Opportunity is the main reason engineers change jobs. David Schie recently left Maxim Integrated Products Inc. to become vice president of analog design engineering and R&D at Micrel Inc. "It was an opportunity to take a leading role at a company that is poised for growth, that has the ability to become one of the analog leaders," Schie said. Micrel's co-founder, president, CEO and chairman, Raymond Zinn, made a big impression when he and his wife, DeLona, entertained Schie and his wife at Zinn's home. "Ray is a very good salesman," Schie said. "There was good synergy. Micrel had a need, and I had an opportunity."
Companies that aren't as big, don't have multiple offices or aren't in a prime location put extra effort into making a positive impression. Analog Devices finds it hard to attract engineers to its headquarters location outside Boston, when it must compete against employers in Silicon Valley, Austin, Phoenix, Europe and mainland China. So it participates in a cooperative education program with Northeastern University that brings undergraduates into ADI for what staffing director Javorski called "a seven-month interview." Each co-op student is considered a potentially strategic hire. "When we can attract people, we are able to hold onto them," Javorski said. "Getting them here is another matter."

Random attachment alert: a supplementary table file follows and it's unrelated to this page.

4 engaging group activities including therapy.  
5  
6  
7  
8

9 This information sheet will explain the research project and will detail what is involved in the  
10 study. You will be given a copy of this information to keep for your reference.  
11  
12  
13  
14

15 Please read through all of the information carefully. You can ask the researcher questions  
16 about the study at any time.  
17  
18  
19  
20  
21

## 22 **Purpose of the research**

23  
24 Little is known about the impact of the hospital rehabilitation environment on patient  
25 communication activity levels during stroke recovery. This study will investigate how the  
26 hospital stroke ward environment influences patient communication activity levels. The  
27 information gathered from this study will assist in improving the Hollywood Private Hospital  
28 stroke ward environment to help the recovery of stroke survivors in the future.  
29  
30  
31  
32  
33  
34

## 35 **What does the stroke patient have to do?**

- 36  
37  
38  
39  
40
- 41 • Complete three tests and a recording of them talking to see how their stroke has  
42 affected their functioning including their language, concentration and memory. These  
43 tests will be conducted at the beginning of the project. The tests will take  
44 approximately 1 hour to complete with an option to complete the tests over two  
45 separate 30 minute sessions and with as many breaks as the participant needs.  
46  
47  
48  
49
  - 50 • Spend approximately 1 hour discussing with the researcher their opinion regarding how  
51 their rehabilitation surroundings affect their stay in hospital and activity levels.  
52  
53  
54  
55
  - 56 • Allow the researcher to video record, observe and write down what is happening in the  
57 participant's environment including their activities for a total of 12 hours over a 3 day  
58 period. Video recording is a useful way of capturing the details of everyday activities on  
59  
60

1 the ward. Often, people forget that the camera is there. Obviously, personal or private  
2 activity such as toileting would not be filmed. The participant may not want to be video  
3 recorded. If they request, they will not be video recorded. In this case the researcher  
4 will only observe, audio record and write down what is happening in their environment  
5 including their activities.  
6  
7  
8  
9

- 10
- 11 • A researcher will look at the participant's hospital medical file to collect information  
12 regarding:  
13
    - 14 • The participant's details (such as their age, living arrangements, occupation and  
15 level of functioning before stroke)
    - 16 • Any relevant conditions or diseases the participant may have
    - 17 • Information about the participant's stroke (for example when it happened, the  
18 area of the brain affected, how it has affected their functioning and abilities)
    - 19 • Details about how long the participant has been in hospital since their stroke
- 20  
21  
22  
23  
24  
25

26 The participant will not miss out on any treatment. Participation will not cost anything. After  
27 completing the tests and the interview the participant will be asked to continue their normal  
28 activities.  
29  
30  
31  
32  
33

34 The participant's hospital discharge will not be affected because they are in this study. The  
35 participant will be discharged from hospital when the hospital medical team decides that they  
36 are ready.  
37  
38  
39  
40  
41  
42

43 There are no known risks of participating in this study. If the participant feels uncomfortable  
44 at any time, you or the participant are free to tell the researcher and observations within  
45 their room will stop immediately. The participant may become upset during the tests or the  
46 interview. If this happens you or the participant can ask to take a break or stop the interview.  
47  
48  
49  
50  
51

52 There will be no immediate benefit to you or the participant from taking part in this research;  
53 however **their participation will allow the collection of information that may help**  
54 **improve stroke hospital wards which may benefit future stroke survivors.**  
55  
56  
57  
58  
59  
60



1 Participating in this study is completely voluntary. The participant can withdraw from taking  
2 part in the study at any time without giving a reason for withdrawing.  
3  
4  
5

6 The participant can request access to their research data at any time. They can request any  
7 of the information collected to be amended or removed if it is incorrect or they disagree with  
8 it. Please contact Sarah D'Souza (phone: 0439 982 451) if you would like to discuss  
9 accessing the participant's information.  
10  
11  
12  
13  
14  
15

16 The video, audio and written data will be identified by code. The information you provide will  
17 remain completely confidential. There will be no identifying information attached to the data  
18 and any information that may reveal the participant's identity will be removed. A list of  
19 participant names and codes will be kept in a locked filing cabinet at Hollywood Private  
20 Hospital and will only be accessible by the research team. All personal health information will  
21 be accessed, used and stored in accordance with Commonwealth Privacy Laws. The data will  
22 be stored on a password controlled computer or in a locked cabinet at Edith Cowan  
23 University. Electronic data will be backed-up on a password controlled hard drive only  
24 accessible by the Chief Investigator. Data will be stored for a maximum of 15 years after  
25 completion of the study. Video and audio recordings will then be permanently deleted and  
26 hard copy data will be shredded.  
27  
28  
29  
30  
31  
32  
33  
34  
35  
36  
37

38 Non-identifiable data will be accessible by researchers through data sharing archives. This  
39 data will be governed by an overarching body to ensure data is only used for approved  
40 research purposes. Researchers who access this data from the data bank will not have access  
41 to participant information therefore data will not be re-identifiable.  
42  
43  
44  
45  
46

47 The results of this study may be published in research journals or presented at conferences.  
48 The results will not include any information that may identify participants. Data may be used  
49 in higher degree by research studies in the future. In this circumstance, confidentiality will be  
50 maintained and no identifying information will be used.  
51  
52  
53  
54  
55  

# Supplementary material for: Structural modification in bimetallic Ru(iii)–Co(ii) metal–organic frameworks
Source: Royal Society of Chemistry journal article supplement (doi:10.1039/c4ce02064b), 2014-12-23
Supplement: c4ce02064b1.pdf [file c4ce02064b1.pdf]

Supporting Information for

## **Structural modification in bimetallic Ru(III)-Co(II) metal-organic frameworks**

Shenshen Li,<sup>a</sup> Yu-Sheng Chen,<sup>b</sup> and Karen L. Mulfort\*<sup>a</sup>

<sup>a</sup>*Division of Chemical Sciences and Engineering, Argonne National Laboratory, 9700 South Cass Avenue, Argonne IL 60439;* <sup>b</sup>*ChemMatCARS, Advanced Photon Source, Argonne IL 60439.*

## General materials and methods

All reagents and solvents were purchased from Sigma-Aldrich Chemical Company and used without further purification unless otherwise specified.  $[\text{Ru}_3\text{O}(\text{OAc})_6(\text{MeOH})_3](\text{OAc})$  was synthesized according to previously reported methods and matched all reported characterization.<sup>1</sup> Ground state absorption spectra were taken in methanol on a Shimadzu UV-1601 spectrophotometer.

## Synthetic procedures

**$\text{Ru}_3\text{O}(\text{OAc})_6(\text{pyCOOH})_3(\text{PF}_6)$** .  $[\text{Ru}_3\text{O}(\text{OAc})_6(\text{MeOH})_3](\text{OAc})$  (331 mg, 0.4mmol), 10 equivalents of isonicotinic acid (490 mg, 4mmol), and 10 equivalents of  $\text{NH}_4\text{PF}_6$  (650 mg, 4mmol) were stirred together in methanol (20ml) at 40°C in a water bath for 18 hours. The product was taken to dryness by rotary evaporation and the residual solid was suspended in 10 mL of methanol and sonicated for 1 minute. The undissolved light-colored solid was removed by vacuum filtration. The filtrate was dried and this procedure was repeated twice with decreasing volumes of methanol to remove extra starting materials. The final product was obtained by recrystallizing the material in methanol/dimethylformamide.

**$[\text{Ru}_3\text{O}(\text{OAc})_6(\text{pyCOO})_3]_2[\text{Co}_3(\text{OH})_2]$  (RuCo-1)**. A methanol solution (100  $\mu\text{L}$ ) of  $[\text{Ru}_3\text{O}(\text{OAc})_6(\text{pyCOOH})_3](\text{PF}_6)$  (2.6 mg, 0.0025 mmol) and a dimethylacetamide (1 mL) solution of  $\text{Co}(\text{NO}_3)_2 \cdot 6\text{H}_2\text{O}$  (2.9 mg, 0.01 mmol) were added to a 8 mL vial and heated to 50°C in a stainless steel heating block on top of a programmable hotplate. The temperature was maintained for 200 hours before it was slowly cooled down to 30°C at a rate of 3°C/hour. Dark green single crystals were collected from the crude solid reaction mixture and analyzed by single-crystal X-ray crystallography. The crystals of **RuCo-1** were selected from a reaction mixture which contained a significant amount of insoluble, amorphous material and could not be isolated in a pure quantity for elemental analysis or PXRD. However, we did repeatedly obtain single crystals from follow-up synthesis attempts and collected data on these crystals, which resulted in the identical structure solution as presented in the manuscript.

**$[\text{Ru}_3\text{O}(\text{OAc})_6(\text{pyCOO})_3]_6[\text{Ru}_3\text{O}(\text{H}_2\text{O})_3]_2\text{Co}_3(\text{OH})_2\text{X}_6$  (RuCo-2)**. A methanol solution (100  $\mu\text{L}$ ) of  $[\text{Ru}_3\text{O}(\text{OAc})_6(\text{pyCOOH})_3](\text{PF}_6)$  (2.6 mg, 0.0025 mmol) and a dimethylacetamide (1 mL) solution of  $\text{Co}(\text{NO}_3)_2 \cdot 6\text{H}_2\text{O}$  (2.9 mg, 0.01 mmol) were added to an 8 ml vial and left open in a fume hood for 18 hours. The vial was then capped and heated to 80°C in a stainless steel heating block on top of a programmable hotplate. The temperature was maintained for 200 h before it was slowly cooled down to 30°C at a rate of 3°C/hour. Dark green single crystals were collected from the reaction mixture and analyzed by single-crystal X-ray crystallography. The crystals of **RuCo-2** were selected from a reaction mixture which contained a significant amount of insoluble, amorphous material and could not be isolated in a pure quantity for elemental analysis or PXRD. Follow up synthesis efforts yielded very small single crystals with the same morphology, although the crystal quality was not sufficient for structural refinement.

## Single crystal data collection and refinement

Location is a card that companies play with care. Single-location operations can provide stability; multiple offices may mean more opportunities. But while mobility opens doors, it's a double-edged sword. Intersil's Seitters moved to Washington from Florida and didn't like it. "The great Northwest was too rainy," he said.